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14.2: Two Coupled Linear Oscillators

  • Page ID
    9636
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    Consider the two-coupled linear oscillator, shown in Figure \(\PageIndex{1}\), which comprises two identical masses each connected to fixed locations by identical springs having a force constant \(\kappa\). A spring with force constant \(\kappa^{\prime}\) couples the two oscillators. The equilibrium lengths of the outer two springs are \(l\) while that of the coupling spring is \(l^{\prime}\). The problem is simplified by restricting the motion to be along the line connecting the masses and assuming fixed endpoints. The small displacements of \(m_1\) and \(m_2\) are taken to be \(x_1\) and \(x_2\) with respect to the equilibrium positions \(l\) and \(l + l^{\prime}\) respectively. The restoring force on \(m_1\) is \(−\kappa x_1−\kappa^{\prime} (x_1 − x_2)\) while the restoring force on \(m_2\) is \(−\kappa x_2 − \kappa^{\prime} (x_2 − x_1)\). This coupled double-oscillator system exhibits basic features of coupled linear oscillator systems.

    12.2.1.PNG
    Figure \(\PageIndex{1}\): Two coupled linear oscillators. The equilibrium spring-lengths are \(l\) for the outer springs and \(l^{\prime}\) for the coupling spring. The displacement from the stable locations are given by \(x_1\) and \(x_2\). The separation between the two masses is \(r\) and the location of the center-of-mass is \(R_{cm}\).

    Assuming \(m_1 = m_2 = m\), then the equations of motion are

    \[\begin{align} m\ddot{x}_1 + (\kappa + \kappa^{\prime} ) x_1 − \kappa^{\prime} x_2 = 0 \label{14.1} \\ \notag m\ddot{x}_2 + (\kappa + \kappa^{\prime} ) x_2 − \kappa^{\prime} x_1 = 0 \notag\end{align} \]

    Assume that the motion for these coupled equations is oscillatory with a solution of the form

    \[\begin{align} x_1 = B_1 e^{i\omega t} \label{14.2}\\ x_2 = B_2e^{i\omega t} \notag\notag\end{align}\]

    where the constants \(B\) may be complex to take into account both the magnitude and phase. Substituting these possible solutions into the equations of motion gives

    \[\begin{align} −m\omega^2 B_1 e^{i\omega t} + (\kappa + \kappa^{\prime} ) B_1e^{i\omega t} − \kappa^{\prime} B_2e^{i\omega t} = 0 \label{14.3}\\ −m\omega^2B_2 e^{i\omega t} + (\kappa + \kappa^{\prime} ) B_2e^{i\omega t} − \kappa^{\prime} B_1 e^{i\omega t} = 0 \notag\end{align}\]

    Collecting terms, and cancelling the common exponential factor, gives

    \[\begin{align} (\kappa + \kappa^{\prime} − m\omega^2) B_1 − \kappa^{\prime} B_2 = 0 \label{14.4} \\ ( \kappa + \kappa^{\prime} − m\omega^2 ) B_2 − \kappa^{\prime} B_1 = 0 \notag\end{align}\]

    The existence of a non-trivial solution of these two simultaneous equations requires that the determinant of the coefficients of \(B_1\) and \(B_2\) must vanish, that is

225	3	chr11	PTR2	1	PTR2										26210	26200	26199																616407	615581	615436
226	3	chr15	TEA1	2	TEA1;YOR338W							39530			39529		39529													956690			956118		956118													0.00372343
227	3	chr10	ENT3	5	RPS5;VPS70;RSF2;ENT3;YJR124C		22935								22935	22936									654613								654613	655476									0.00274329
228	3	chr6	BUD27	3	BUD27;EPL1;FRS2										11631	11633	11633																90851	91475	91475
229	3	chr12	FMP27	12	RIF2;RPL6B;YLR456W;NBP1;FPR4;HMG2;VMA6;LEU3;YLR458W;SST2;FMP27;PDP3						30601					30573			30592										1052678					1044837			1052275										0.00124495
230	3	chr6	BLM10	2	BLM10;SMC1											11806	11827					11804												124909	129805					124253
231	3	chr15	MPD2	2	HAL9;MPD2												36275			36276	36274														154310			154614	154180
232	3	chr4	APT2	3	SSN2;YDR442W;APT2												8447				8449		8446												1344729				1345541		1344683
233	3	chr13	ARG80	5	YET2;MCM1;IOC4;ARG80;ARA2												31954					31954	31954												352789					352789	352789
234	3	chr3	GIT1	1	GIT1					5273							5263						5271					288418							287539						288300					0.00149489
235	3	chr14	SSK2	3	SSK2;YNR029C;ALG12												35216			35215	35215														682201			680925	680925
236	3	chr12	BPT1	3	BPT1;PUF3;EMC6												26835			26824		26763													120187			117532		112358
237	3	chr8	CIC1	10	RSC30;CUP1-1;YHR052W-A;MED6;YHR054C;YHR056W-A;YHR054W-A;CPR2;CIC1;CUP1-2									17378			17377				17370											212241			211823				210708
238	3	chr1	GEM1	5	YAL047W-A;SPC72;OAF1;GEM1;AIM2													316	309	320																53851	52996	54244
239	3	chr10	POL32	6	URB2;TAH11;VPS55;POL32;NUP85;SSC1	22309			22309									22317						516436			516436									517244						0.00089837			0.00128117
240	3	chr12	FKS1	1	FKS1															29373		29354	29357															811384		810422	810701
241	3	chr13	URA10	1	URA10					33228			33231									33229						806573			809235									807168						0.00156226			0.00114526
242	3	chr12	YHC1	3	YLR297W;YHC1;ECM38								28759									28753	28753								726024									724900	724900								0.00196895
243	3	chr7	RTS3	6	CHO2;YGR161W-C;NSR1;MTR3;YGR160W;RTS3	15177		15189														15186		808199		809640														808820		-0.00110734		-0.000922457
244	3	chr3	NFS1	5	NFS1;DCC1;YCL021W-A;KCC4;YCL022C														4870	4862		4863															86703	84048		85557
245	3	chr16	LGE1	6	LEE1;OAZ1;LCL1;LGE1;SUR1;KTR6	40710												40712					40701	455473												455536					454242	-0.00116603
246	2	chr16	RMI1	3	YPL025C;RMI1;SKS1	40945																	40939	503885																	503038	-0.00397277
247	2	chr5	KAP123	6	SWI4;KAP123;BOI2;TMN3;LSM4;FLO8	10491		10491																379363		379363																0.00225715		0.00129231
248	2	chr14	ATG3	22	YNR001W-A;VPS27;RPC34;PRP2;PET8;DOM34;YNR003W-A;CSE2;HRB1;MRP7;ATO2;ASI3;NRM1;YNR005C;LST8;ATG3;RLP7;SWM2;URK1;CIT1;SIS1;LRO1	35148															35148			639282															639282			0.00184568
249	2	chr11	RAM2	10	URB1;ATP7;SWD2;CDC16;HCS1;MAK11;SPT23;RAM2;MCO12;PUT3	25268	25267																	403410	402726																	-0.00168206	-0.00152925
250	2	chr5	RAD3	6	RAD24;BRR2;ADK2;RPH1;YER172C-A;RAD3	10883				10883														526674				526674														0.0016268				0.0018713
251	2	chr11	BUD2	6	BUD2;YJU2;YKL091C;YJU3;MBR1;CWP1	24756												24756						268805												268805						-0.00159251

\[\begin{vmatrix} \kappa + \kappa^{\prime} − m\omega^2 & −\kappa^{\prime} \\ −\kappa^{\prime} & \kappa + \kappa^{\prime} − m\omega^2 \end{vmatrix} = 0 \label{14.5}\]

    The expansion of this secular determinant yields

    \[( \kappa + \kappa^{\prime} − m\omega^2 )^2 − \kappa^{\prime 2} = 0 \label{14.6}\]

    Solving for \(\omega\) gives

    \[\omega = \sqrt{\frac{\kappa + \kappa^{\prime} \pm \kappa^{\prime}}{m}} \label{14.7}\]

    That is, there are two characteristic frequencies (or eigenfrequencies) for the system

    \[\omega_1 = \sqrt{\frac{\kappa + 2\kappa^{\prime} }{m}} \label{14.8}\]

    \[\omega_2 = \sqrt{\frac{\kappa}{m}} \label{14.9}\]

    Since superposition applies for these linear equations, then the general solution can be written as a sum of the terms that account for the two possible values of \(\omega\).

    12.2.2.PNG

    Figure \(\PageIndex{2}\): Displacement of each of two coupled linear harmonic oscillators with \(\kappa = 4\) and \(\kappa^{\prime} = 1\) in relative units.

    Figure \(\PageIndex{2}\) shows the solutions for a case where \(\kappa = 4\) and \(\kappa^{\prime} = 1\), in arbitrary units, with the initial condition that \(x_2 = D\), and \(x_1 = \dot{x}_1 = \dot{x}_2 = 0\). The two characteristic frequencies are \(\omega_1 = \sqrt{\frac{6}{m}}\) and \(\omega_2 = \sqrt{\frac{4}{m}}\). The characteristic beats phenomenon is exhibited where the envelope over one complete cycle of the low frequency encompasses several higher frequency oscillations. That is, the solution is

    \[x_{2}(t)=\frac{D}{4}\left[e^{i \omega_{1} t}+e^{-i \omega_{1} t}+e^{i \omega_{2} t}+e^{-i \omega_{2} t}\right]=D \cos \left[\left(\frac{\omega_{1}+\omega_{2}}{2}\right) t\right] \cos \left[\left(\frac{\omega_{1}-\omega_{2}}{2}\right) t\right] \]

    while

    \[x_{1}(t)=\frac{D}{4}\left[e^{i \omega_{1} t}+e^{-i \omega_{1} t}-e^{i \omega_{2} t}-e^{-i \omega_{2} t}\right]=D \sin \left[\left(\frac{\omega_{1}+\omega_{2}}{2}\right) t\right] \sin \left[\left(\frac{\omega_{1}-\omega_{2}}{2}\right) t\right]\]

    The energy in the two-coupled oscillators flows back and forth between the coupled oscillators as illustrated in Figure \(\PageIndex{2}\).

    A better understanding of the energy flow occurring between the two coupled oscillators is given by using a \((x_1, x_2)\) configuration-space plot, shown in Figure \(14.3.1\). The flow of energy occurring between the two coupled oscillators can be represented by choosing normal-mode coordinates \(\eta_1\) and \(\eta_2\) that are rotated by \(45^{\circ}\) with respect to the spatial coordinates \((x_1, x_2)\). These normal-mode coordinates \((\eta_1, \eta_2)\) correspond to the two normal modes of the coupled double-oscillator system.


    This page titled 14.2: Two Coupled Linear Oscillators is shared under a CC BY-NC-SA 4.0 license and was authored, remixed, and/or curated by Douglas Cline via source content that was edited to the style and standards of the LibreTexts platform; a detailed edit history is available upon request.